funded the Judy Litigation in an effort to retake control of
the Company. PSI's strategy was to obtain a court-ordered
meeting of stockholders at which Waugh and his allies could
replace Austin and establish a new board majority. PSI itself
was not a stockholder in the Company, so Judy served as the
2009, Judy filed an action for books and records pursuant to
Section 220 of the Delaware General Corporate Law (the
"DGCL"). See 8 Del. C. §
220. Among other materials, Judy sought information about the
stockholders of the Company and a copy of the Company's
stock ledger. Judy, 2016 WL 4992687, at *6.
2009, Judy filed an action to compel the Company to hold its
annual meeting of stockholders in accordance with Section 211
of the DGCL. See 8 Del. C. § 211.
Since its founding in 1998, the Company had never held an
annual meeting. Judy, 2016 WL 4992687, at *7.
same day that he filed the annual meeting action, Judy filed
a plenary action that contended, among other things, that
Austin had breached his fiduciary duties. The court
consolidated the three lawsuits into the proceeding that this
decision refers to as the "Judy Litigation."
moved for summary judgment on various aspects of his claims.
By order dated September 29, 2009, as amended on October 13,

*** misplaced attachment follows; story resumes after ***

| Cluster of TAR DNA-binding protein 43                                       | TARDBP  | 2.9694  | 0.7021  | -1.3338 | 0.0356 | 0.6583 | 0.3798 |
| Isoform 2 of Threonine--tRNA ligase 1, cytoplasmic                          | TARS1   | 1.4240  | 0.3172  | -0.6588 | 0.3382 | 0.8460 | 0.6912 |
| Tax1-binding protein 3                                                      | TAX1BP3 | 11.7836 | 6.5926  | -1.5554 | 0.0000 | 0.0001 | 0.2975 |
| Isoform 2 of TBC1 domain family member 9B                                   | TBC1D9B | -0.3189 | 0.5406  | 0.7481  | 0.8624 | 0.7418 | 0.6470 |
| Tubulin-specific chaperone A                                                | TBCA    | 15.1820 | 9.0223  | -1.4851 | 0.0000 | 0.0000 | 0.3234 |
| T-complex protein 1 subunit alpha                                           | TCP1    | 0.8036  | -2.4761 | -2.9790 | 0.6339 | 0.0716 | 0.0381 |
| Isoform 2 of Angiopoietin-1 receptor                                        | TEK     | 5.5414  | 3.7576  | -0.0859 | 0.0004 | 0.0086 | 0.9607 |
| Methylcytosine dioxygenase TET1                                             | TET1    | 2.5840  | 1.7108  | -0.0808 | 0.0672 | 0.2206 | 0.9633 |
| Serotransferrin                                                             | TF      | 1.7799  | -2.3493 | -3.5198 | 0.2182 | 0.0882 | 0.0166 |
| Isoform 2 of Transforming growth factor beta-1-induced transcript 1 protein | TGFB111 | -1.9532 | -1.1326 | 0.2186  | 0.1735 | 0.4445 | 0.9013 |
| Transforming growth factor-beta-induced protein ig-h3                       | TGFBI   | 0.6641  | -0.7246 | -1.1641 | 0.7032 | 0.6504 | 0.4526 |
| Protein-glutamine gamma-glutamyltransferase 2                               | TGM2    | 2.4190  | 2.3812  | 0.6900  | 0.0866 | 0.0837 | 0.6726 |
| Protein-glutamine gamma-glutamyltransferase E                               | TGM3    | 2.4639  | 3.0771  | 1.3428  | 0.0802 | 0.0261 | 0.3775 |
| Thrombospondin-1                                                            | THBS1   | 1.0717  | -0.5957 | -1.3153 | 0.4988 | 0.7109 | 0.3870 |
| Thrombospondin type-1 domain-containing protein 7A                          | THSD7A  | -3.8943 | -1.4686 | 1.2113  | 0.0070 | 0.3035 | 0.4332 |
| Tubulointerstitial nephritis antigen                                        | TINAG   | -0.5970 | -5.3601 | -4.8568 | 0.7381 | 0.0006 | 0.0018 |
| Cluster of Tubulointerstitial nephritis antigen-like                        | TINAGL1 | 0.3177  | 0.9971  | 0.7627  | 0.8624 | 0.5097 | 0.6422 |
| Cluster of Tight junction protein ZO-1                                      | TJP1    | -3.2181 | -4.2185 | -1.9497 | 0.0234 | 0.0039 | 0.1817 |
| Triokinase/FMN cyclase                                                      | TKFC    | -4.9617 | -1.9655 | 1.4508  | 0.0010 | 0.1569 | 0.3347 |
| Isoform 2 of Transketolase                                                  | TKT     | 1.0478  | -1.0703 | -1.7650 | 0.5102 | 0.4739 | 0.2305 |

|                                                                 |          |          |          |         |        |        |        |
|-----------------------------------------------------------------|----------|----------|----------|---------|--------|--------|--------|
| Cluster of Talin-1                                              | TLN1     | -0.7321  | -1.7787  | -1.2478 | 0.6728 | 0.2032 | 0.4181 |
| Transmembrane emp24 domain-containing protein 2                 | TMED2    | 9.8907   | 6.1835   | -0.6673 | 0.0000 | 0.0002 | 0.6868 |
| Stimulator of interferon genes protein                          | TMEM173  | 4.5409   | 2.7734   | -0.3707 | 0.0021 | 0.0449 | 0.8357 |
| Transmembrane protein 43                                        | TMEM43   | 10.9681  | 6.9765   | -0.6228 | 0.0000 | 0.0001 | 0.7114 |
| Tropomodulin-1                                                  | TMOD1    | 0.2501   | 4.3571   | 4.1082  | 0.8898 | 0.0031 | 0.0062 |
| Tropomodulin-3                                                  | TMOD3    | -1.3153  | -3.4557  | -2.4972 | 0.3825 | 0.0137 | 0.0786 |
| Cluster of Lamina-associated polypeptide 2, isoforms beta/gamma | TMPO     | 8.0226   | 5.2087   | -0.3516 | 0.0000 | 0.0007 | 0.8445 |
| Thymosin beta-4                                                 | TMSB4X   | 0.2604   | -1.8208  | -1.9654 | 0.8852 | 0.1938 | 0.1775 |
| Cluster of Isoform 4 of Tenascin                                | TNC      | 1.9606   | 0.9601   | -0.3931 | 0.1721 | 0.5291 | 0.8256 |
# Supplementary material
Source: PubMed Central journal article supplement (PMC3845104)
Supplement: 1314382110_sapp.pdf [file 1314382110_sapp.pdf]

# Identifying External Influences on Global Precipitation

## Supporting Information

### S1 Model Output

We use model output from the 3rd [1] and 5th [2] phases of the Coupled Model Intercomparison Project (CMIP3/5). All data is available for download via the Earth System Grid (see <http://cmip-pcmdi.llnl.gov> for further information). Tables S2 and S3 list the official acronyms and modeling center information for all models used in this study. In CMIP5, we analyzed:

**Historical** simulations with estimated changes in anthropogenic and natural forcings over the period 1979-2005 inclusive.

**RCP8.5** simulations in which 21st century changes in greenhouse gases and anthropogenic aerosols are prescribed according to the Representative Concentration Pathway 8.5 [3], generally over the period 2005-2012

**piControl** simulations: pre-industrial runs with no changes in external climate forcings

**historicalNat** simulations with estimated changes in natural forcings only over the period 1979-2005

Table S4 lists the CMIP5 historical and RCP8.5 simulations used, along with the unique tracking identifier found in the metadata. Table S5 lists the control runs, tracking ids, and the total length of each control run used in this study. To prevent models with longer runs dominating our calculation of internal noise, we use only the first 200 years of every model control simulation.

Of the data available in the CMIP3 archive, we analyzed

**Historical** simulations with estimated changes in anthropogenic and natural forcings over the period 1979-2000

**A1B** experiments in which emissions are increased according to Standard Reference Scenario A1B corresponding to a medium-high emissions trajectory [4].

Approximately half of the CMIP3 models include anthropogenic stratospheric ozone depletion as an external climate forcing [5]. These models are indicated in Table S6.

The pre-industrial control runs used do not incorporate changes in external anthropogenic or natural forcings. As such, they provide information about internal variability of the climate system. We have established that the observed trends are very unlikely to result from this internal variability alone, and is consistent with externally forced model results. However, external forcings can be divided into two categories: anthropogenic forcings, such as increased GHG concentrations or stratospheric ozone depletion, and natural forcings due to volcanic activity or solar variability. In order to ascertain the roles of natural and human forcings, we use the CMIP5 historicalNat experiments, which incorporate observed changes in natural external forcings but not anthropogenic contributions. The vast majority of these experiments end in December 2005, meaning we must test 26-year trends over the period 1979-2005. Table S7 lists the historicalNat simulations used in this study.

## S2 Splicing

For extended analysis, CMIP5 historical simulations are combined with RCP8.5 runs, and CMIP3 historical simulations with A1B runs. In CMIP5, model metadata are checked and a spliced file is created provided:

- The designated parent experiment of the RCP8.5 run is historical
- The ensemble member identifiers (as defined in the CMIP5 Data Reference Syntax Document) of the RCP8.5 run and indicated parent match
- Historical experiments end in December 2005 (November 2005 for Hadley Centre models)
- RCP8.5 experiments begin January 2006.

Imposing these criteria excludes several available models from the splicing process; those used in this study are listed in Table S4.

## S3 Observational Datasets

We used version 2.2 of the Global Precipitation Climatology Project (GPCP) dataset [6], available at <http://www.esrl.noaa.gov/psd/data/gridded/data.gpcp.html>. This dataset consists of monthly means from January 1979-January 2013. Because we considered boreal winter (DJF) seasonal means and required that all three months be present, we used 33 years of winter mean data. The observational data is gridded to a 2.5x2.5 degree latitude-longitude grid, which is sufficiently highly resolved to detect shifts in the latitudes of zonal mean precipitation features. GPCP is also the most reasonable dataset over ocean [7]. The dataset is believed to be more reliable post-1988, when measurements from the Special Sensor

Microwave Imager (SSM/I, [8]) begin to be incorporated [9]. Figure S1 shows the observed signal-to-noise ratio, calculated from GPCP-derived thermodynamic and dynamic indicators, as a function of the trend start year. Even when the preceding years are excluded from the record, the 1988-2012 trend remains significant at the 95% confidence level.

the court granted summary judgment in Judy's favor on his
claim for books and records. The court also granted summary
judgment in favor of Judy on his request for an annual
meeting. The order directed the Company hold an annual
meeting of stockholders on December 9, and it appointed
Richard L. Renck, Esq., to act as special master for purposes
of overseeing the annual meeting. Judy, 2016 WL
4992687, at *8.
The Judy Litigation Becomes Significantly More
the court's rulings, Waugh and his allies thought they
were on their way to a court-ordered meeting in December
2009. But Austin failed to comply with the portion of the
order that directed the Company to produce a list of its
stockholders. Put simply, the Company's records were such
a mess that Austin could not generate the list. Id.
the Company failed to meet the court-ordered deadline for
producing the list, Judy sought the appointment of a receiver
who would take control of the Company for the limited purpose
of providing it. By order dated December 23, 2009, the court
appointed Renck to act as receiver for the Company (the
"Receiver"). The order charged the Receiver with
identifying the Company's stockholders, determining who
could vote at the annual meeting, and then convening and
conducting the meeting. Id.
December 2009, the court permitted the Association to